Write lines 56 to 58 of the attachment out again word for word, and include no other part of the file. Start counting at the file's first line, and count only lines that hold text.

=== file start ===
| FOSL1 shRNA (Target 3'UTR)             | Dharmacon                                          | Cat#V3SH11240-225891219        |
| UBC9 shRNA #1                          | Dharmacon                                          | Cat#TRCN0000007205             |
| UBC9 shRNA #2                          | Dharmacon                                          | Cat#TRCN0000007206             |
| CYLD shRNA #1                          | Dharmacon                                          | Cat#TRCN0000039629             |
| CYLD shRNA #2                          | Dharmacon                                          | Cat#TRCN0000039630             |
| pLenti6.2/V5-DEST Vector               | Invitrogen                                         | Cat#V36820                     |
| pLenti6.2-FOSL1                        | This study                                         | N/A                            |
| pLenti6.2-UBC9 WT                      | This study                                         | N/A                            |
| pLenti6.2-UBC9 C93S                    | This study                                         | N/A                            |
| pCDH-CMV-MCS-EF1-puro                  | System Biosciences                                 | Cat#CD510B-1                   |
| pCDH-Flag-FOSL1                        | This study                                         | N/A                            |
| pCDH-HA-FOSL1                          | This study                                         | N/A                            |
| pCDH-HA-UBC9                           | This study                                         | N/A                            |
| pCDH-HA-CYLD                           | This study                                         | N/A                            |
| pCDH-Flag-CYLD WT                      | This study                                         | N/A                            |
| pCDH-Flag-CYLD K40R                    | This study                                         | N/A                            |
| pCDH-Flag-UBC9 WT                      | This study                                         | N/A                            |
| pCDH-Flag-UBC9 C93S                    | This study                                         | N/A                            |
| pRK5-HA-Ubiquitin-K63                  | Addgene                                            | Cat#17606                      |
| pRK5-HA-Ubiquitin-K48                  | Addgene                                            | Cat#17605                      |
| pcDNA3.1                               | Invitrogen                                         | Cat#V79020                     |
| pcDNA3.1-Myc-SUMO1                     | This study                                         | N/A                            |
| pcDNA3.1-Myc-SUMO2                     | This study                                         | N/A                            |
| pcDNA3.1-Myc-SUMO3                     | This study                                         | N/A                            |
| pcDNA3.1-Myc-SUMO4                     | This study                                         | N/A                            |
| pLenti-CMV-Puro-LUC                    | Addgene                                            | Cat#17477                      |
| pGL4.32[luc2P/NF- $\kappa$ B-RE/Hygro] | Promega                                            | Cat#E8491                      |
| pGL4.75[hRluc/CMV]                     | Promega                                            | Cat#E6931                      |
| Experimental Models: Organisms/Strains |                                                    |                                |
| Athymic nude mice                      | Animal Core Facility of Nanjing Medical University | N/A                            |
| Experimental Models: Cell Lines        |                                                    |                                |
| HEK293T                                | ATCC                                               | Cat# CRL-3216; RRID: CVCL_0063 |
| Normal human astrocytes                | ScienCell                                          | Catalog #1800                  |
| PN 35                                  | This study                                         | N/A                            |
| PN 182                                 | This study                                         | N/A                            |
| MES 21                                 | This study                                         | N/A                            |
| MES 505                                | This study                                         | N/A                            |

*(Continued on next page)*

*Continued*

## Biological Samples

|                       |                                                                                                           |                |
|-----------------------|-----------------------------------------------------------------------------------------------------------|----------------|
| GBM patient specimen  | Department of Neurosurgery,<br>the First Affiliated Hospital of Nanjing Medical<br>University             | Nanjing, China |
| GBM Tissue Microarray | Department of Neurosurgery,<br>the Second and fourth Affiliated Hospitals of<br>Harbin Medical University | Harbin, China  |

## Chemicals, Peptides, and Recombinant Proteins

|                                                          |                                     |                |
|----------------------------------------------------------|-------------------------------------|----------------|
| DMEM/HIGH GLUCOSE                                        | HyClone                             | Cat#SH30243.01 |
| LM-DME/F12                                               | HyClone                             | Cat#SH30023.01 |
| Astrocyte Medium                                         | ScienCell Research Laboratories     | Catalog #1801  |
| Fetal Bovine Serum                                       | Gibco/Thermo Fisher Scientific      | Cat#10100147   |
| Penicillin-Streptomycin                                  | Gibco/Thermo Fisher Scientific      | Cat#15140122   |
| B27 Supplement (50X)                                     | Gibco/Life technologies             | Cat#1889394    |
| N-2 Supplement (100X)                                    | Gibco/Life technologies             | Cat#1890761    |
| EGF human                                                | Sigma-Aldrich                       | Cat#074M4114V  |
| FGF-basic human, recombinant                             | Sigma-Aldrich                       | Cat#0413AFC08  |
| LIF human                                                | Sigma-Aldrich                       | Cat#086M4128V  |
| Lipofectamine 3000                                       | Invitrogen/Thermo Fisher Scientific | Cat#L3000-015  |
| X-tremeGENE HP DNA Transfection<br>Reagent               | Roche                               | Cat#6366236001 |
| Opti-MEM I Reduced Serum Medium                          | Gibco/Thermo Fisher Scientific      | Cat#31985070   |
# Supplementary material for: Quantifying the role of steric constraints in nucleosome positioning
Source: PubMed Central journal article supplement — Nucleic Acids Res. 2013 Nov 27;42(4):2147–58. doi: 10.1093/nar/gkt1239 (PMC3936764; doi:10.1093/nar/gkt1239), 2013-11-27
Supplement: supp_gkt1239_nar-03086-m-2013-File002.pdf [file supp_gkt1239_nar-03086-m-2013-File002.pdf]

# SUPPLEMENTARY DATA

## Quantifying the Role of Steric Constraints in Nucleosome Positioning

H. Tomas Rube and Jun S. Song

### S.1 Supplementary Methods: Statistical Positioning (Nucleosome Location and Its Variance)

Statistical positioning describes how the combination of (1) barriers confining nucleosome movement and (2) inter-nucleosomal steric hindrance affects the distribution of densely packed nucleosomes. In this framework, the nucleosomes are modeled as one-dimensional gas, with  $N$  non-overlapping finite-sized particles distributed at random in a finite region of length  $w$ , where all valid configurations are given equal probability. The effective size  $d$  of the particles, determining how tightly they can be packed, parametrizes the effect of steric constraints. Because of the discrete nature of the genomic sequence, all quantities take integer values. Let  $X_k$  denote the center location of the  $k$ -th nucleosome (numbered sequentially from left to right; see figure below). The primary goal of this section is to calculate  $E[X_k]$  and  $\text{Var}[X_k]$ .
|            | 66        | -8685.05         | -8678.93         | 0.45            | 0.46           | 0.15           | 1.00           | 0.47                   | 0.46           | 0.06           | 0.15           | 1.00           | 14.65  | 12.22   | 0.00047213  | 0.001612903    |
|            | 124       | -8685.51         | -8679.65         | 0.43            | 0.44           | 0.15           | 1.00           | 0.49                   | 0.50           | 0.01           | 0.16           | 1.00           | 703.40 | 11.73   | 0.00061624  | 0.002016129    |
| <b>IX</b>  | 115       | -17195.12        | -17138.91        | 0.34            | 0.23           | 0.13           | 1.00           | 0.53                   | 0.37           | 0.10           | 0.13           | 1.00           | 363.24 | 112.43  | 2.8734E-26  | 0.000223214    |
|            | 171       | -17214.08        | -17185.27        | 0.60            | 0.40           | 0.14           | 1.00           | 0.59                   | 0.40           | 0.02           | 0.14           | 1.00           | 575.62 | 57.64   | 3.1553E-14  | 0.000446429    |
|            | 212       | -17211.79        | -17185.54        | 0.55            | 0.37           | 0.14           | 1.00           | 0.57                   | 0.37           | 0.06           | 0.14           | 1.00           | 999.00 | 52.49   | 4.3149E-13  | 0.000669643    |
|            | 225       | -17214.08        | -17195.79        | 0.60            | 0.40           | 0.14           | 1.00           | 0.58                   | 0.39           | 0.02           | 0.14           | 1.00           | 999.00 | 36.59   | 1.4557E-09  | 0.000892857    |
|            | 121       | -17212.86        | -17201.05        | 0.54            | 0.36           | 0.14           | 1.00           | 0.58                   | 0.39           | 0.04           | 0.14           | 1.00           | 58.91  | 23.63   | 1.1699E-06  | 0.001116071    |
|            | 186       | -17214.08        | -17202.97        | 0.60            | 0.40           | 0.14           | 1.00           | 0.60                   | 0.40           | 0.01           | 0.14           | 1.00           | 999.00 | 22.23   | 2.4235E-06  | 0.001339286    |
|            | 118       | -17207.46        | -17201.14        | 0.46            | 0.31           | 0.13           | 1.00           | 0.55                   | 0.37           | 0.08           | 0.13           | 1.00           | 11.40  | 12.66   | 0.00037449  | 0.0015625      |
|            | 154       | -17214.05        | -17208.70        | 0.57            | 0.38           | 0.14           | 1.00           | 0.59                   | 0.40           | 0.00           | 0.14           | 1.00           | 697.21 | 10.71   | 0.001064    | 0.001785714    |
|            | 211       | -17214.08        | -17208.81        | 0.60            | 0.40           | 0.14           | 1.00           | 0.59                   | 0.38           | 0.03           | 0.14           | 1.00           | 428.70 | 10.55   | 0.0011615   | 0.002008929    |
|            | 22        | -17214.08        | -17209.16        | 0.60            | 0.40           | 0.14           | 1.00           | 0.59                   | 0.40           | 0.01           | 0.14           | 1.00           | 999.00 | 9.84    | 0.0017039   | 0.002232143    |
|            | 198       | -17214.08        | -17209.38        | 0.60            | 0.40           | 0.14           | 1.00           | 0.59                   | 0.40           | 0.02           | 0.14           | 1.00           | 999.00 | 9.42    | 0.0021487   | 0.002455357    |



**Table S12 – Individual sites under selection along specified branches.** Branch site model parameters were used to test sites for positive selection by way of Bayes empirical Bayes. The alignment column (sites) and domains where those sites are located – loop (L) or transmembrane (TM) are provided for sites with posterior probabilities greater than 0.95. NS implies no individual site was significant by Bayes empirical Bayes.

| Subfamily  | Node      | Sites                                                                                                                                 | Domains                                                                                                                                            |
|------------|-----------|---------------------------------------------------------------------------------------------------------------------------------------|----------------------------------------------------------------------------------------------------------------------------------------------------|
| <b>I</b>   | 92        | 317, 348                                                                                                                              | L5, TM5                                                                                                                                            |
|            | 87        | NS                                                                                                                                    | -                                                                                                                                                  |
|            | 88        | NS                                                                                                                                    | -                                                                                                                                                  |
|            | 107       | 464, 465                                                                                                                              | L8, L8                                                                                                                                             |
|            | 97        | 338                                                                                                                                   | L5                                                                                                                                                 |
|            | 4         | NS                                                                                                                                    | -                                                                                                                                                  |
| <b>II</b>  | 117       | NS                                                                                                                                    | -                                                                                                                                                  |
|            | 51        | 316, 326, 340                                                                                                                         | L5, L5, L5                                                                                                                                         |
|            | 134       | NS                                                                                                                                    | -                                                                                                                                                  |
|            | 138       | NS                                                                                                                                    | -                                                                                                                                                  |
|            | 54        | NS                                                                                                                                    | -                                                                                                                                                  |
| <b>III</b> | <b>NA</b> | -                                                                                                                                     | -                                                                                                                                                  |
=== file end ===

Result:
| FGF-basic human, recombinant                             | Sigma-Aldrich                       | Cat#0413AFC08  |
| LIF human                                                | Sigma-Aldrich                       | Cat#086M4128V  |
| Lipofectamine 3000                                       | Invitrogen/Thermo Fisher Scientific | Cat#L3000-015  |